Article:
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  #1  
Old 04-12-2011
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Bacteria Contact Lens Infection - Microbiology Question!

A 30-year-old female using home-made saline solution for the disinfection and tap water for storing her contact lenses . She noticed redness of her eyes and deterioration of vision and visited an ophthalmologist who diagnosed her with severe retinitis.
Culture of the water as well as vitreous fluid would most likely reveal

a. Naegleria
b. Pneumocystis
c. Acanthamoeba
d. chlamydia
e. staphylococcus
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Good question, presuming this lady is in the US, I would take out the parasites A) C) (not water spread here at least) and D) too because of no sexual contact?

B) doesn't make sense either, cause it causes pneumonia in AIDS patients.

We are left with E) staph, which could be the answer. But really not sure.

So i'm left with no possible answer choices.

I'll guess E).

Dumb lady, why couldn't she just use contact lens solution
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Quote:
Originally Posted by patelMD View Post
Good question, presuming this lady is in the US, I would take out the parasites A) C) (not water spread here at least) and D) too because of no sexual contact?

B) doesn't make sense either, cause it causes pneumonia in AIDS patients.

We are left with E) staph, which could be the answer. But really not sure.

So i'm left with no possible answer choices.

I'll guess E).

Dumb lady, why couldn't she just use contact lens solution
no no Take a second look, think deeper lol
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Quote:
Originally Posted by tinhi View Post
no no have a second look, think deeper lol
Hm... Acanthamoebia?
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Old 04-12-2011
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Infection from contact lens solution => Acanthamoeba (aCONThamoeba)
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contact lens is a buzzword for acanthamoeba....
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Contact lens-- acanthamoeba
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There was a big recall of contact lens solution a few years ago for acanthamoeba...

@PatelMD: a few people do die every year in the U.S. from Naegleria infection (not from contacts, but from swimming in muddy-bottomed freshwater ponds)...
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Quote:
Originally Posted by Mondoshawan View Post
There was a big recall of contact lens solution a few years ago for acanthamoeba...

@PatelMD: a few people do die every year in the U.S. from Naegleria infection (not from contacts, but from swimming in muddy-bottomed freshwater ponds)...
Thanks, I didn't know about the naeglaria and swimming in ponds, I meant drinking water contamination

And wasn't the recall for Renu due to fungal infections?
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C. Acanthamoeba

MCC of contact lens associated infetion
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Quote:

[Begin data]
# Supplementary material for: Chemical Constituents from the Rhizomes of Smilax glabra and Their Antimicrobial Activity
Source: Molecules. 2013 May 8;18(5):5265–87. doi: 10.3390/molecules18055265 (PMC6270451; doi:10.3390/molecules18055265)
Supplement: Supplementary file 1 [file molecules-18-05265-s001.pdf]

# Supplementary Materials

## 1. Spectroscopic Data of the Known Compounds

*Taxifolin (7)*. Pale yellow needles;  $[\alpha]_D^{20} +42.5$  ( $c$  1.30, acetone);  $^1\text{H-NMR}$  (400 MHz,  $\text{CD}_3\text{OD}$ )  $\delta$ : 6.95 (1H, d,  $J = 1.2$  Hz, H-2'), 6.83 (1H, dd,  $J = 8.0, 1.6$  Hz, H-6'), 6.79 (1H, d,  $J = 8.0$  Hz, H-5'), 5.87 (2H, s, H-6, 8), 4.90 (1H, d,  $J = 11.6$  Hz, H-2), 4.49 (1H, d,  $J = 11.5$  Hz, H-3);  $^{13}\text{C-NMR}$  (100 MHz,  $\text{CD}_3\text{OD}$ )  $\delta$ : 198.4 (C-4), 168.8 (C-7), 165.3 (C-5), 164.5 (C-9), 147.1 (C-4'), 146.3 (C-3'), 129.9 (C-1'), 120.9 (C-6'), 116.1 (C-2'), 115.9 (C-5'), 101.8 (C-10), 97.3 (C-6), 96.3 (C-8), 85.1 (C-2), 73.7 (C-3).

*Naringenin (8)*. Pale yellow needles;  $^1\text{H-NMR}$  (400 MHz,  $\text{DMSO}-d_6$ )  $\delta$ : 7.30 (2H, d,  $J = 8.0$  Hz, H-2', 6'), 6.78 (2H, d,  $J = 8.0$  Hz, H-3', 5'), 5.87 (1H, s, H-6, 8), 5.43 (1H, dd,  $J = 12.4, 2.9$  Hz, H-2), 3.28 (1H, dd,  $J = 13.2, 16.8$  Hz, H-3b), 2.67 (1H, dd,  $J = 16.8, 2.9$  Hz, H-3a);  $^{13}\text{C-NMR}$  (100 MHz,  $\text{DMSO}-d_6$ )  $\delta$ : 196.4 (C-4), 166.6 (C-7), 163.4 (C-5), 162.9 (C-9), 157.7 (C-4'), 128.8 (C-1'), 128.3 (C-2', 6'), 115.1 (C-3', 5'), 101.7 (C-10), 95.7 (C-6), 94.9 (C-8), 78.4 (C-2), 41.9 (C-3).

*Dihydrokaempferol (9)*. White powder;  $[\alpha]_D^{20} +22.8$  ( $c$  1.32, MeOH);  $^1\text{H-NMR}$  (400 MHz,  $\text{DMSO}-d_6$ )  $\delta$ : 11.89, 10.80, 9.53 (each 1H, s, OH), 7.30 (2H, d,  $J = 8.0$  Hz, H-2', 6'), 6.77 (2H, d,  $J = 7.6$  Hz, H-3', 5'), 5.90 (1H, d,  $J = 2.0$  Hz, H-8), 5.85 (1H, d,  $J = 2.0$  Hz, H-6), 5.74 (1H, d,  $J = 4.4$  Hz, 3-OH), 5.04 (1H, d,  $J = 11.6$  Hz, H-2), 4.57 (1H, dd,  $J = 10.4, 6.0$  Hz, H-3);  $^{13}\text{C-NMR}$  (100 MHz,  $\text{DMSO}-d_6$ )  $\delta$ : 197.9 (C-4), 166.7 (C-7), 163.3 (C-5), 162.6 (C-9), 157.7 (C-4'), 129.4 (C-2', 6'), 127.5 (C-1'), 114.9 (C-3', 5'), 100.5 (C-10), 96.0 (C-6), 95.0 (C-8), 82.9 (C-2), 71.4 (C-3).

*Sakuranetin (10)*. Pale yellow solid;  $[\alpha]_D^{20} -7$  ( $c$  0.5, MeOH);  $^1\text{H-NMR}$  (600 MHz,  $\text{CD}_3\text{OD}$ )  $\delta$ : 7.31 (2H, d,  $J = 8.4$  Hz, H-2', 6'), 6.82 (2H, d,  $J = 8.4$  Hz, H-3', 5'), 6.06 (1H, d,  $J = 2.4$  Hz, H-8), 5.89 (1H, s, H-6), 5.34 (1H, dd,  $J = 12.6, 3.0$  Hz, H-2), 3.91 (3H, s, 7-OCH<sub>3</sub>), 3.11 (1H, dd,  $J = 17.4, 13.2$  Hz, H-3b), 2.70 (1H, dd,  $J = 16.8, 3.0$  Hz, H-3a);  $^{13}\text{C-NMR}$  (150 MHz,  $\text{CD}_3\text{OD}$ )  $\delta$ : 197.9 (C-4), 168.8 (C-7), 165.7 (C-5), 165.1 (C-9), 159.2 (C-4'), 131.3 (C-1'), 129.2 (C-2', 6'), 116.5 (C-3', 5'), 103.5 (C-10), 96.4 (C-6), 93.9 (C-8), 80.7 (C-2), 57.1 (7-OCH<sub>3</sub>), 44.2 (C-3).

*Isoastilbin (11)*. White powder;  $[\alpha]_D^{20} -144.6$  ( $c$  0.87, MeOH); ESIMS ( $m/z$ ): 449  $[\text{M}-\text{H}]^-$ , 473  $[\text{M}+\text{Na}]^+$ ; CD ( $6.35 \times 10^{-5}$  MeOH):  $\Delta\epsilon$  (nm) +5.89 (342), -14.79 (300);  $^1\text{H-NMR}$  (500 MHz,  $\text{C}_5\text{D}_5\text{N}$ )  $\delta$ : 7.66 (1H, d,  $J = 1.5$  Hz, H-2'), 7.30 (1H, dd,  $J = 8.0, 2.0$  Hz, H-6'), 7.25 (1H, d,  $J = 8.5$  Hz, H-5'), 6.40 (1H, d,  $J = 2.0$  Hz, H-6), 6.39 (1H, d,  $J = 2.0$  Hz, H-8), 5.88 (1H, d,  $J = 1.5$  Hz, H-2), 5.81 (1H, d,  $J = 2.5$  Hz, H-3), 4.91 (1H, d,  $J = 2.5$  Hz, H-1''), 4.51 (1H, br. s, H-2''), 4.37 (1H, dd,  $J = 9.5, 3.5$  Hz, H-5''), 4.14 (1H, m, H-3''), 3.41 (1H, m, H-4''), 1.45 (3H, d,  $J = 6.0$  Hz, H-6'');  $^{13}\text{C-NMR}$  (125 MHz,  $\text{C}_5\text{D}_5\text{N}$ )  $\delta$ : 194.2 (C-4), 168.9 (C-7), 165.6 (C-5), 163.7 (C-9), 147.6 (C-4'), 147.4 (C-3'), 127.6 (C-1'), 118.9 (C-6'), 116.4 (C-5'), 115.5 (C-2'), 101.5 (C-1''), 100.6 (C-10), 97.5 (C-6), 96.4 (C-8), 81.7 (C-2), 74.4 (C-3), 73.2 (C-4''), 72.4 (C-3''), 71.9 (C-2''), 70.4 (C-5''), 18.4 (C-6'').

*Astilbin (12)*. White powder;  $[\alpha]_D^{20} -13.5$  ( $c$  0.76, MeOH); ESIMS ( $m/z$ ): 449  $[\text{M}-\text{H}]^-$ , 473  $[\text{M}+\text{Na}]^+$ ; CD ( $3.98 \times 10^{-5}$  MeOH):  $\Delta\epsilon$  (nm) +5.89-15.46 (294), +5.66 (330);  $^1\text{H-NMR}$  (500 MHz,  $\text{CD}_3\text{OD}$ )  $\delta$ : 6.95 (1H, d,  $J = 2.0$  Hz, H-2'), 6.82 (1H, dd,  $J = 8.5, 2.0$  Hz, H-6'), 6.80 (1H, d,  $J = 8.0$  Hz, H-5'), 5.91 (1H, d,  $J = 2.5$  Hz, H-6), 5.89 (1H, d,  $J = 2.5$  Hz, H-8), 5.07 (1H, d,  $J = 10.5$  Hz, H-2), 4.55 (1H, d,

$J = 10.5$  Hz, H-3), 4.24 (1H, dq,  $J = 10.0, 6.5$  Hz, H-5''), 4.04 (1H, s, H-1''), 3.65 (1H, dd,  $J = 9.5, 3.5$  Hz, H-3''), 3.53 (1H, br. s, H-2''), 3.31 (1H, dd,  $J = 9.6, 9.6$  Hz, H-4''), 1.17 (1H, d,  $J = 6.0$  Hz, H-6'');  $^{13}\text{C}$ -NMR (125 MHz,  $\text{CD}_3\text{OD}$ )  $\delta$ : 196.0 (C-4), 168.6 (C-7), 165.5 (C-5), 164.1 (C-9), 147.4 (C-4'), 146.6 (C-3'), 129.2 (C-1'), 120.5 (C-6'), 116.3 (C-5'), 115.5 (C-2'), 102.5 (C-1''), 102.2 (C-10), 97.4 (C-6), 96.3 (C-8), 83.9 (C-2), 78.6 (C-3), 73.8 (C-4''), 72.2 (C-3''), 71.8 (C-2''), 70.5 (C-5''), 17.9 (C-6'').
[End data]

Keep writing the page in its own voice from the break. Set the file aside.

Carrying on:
Originally Posted by patelMD View Post
Thanks, I didn't know about the naeglaria and swimming in ponds, I meant drinking water contamination

And wasn't the recall for Renu due to fungal infections?
Oh yeah, that was the same year I think! Not a good year for contact lens wearers... This is the one I was thinking of: http://uk.reuters.com/article/2007/0...22758320070527
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Yeah, it's c. acanthamoeba.

Acanthamoeba infect the cornea (in immunocompetent persons) when contact lenses are not properly cleaned. This corneal infection (keratitis) can lead to blindness.

Also, remember that Naegleria fowleri will cause a sudden deadly meningoencephalitis in immunocompetent persons (think of the kids on spring break who went diving in a warm water lake), while Acanthamoeba will cause a slow granulomatous meningoencehalitis in immunocompromised persons (eg AIDS pt)
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Quote:
Originally Posted by heights View Post
Yeah, it's c. acanthamoeba.

Acanthamoeba infect the cornea (in immunocompetent persons) when contact lenses are not properly cleaned. This corneal infection (keratitis) can lead to blindness.

Also, remember that Naegleria fowleri will cause a sudden deadly meningoencephalitis in immunocompetent persons (think of the kids on spring break who went diving in a warm water lake), while Acanthamoeba will cause a slow granulomatous meningoencehalitis in immunocompromised persons (eg AIDS pt)
excellent, and through which anatomic structure does Naelgleria pass?? tic tac tic tac
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Bravooo everyone:

the answer is Acanthamoeba indeed

Risk factor: extended wearing of contact lenses , inadequate disinfection, wearing lenses while swimming

complications: if untreated cataract, increase intraocular pressure, loss of vision

Diagnosis: slit lamp examination: thickened epithelium and rough corneal nerves, and corneal ring

biopsy: irregular polygonal cyst

Treatment: topical miconazole and neomycine,
surgery at the corneal ring stage
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Quote:
Originally Posted by tinhi View Post
excellent, and through which anatomic structure does Naelgleria pass?? tic tac tic tac
cribriform plate
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Quote:
Originally Posted by Mondoshawan View Post
cribriform plate
correct, Bravo
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